BELLMYER v. DOVER OIL CO.Annotate this Case
BELLMYER v. DOVER OIL CO.
1937 OK 514
71 P.2d 973
181 Okla. 11
Case Number: 27613
Supreme Court of Oklahoma
Dover Oil Co.
Syllabus by the Court.
¶0 1. WORKMEN'S COMPENSATION--Necessity for Giving Employer Statutory Notice of Injury--Showing Excusing Failure to Give Notice.
Under section 13358, O.S.1931 (85 Okl.St.Ann. § 24), providing that notice of an injury for which compensation is payable under the Workmen's Compensation Act of Oklahoma shall be given to the employer within 30 days after injury, failure of the employee to give such notice will bar a claim for compensation under the act, unless the employee shall excuse such failure by affirmative proof that such notice could not have been given or that his employer was not prejudiced thereby. Velie Mines Corp. v. Rogers, 150 Okl. 185, 1 P. (2d) 353.
2. SAME--APPEAL--Orders of Industrial Commission Supported by Evidence Affirmed.
Where there is any competent evidence reasonably tending to support an order of the State Industrial Commission such order will be affirmed.
Original proceeding by Charles L. Bellmyer, employee, to review an order of the State Industrial Commission in favor of the Dover Oil Company, employer, and another.
Chas. W. Wortman, of Tulsa, for petitioner.
Pierce & Rucker and Fred M. Mock, all of Tulsa, and Mac Q. Williamson, Atty. Gen., for respondents.
¶1 The parties will be referred to as petitioner and respondent. This is an original proceeding to review an order of the State Industrial Commission entered October 27, 1936, finding that the petitioner failed to give notice of an accidental injury sustained September 30, 1930, while in the employ of the respondent, and that the employer was thereby prejudiced.
¶2 The facts are discussed in Dover Oil Co. v. Bellmyer, 163 Okl. 51, 20 P. (2d) 556, wherein this court remanded the cause to the State Industrial Commission for a finding of fact, and in Dover Oil Co. v. Bellmyer, 175 Okl. 19, 52 P. (2d) 761, 763. In the latter opinion we held: "We therefore vacate the award and remand the cause to the Industrial Commission, with directions (1) to determine upon a retrial whether the employer has been prejudiced by failure to give notice of injury; (2) if it is determined that the employer has not been prejudiced, then the commission should determine the amount of compensation due by reason of the injury to his back and ankle; (3) in the event it is determined that the employer has been prejudiced by failure to give the notice, then (4) the commission is directed to determine the amount of compensation due claimant by reason of the injury to his right ankle."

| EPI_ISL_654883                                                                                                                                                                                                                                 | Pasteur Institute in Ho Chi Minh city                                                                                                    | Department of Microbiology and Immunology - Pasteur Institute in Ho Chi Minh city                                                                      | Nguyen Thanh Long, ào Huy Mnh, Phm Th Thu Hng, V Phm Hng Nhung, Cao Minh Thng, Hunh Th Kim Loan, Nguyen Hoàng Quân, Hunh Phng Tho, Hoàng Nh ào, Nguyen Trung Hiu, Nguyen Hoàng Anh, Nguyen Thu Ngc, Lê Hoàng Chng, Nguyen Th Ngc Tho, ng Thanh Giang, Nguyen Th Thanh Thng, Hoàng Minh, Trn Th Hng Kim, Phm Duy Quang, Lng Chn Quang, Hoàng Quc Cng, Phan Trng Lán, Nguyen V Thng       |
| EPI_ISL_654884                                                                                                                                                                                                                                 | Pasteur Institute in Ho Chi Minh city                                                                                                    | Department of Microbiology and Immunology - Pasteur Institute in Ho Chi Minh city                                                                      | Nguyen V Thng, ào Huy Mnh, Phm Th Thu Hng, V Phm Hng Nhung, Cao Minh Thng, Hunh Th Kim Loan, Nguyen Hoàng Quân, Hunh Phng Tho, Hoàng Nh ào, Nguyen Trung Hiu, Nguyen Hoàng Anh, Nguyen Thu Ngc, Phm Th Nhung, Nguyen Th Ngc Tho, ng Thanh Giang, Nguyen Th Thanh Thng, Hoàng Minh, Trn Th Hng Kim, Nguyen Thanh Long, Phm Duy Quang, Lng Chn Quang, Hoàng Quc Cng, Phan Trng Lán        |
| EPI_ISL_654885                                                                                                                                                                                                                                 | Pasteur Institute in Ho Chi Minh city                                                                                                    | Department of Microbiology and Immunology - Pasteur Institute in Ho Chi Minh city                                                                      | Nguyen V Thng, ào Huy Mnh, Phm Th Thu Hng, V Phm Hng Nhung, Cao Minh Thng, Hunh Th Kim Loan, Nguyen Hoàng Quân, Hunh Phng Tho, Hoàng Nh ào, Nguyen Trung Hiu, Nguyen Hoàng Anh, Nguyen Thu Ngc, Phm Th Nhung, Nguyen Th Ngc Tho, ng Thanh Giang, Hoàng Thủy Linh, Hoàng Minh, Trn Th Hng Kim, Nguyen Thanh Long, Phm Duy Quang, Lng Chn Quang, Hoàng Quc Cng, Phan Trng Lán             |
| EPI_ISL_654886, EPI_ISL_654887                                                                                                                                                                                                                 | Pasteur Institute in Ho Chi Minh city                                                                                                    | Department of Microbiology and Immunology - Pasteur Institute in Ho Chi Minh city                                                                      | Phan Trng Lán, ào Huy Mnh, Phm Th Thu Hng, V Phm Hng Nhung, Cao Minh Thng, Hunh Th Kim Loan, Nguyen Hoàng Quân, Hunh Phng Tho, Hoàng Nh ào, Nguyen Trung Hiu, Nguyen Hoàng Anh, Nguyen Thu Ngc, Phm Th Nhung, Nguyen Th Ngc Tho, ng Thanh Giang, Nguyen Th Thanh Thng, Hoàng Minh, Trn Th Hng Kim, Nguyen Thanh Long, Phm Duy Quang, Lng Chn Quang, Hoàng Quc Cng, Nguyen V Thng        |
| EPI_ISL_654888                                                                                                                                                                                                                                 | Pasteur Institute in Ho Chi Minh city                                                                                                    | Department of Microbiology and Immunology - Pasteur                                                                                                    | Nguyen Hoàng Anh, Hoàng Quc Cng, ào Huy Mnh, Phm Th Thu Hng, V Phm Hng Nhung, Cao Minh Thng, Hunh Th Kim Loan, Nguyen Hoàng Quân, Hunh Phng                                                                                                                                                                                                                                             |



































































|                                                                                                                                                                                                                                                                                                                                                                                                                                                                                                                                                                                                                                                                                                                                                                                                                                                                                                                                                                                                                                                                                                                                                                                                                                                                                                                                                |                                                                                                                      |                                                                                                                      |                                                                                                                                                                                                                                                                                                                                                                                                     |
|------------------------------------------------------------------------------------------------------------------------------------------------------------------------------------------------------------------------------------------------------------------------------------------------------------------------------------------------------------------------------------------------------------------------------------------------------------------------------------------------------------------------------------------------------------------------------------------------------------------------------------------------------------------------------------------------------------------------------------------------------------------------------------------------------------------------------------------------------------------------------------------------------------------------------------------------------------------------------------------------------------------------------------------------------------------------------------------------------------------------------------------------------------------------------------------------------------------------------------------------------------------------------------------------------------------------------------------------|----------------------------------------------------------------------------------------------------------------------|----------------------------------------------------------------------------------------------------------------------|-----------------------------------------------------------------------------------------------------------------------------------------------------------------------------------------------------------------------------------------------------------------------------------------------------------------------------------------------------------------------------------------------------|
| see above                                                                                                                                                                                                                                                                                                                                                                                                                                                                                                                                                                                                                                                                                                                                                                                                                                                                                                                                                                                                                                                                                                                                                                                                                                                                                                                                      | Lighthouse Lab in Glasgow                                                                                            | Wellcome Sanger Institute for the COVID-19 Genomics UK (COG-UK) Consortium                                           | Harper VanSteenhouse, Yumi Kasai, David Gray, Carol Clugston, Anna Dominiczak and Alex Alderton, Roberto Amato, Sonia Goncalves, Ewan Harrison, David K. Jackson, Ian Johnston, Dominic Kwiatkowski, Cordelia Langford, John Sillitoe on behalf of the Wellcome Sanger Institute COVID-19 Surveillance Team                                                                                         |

¶3 Subsequent to the opinion filed December 13, 1935, the State Industrial Commission held hearings on June 23, 1936, at Bartlesville and upon the evidence introduced it entered the order above referred to and continued the cause to determine the disability occasioned to the petitioner by the injury to his ankle.
¶4 The petitioner presents the sole question that the order is not sustained by competent evidence. We do not consider it necessary to review the evidence since the opinion of the court in Dover Oil Co. v. Bellmyer, 175 Okl. 19, 52 P. (2d) 761. The parties agreed that all the evidence formerly introduced could be considered to determine the question. No attempt was made to show actual notice other than had been made in former hearings. In Velie Mines Corp. v. Rogers, 150 Okl. 185, 1 P. (2d) 353, 355, this court said: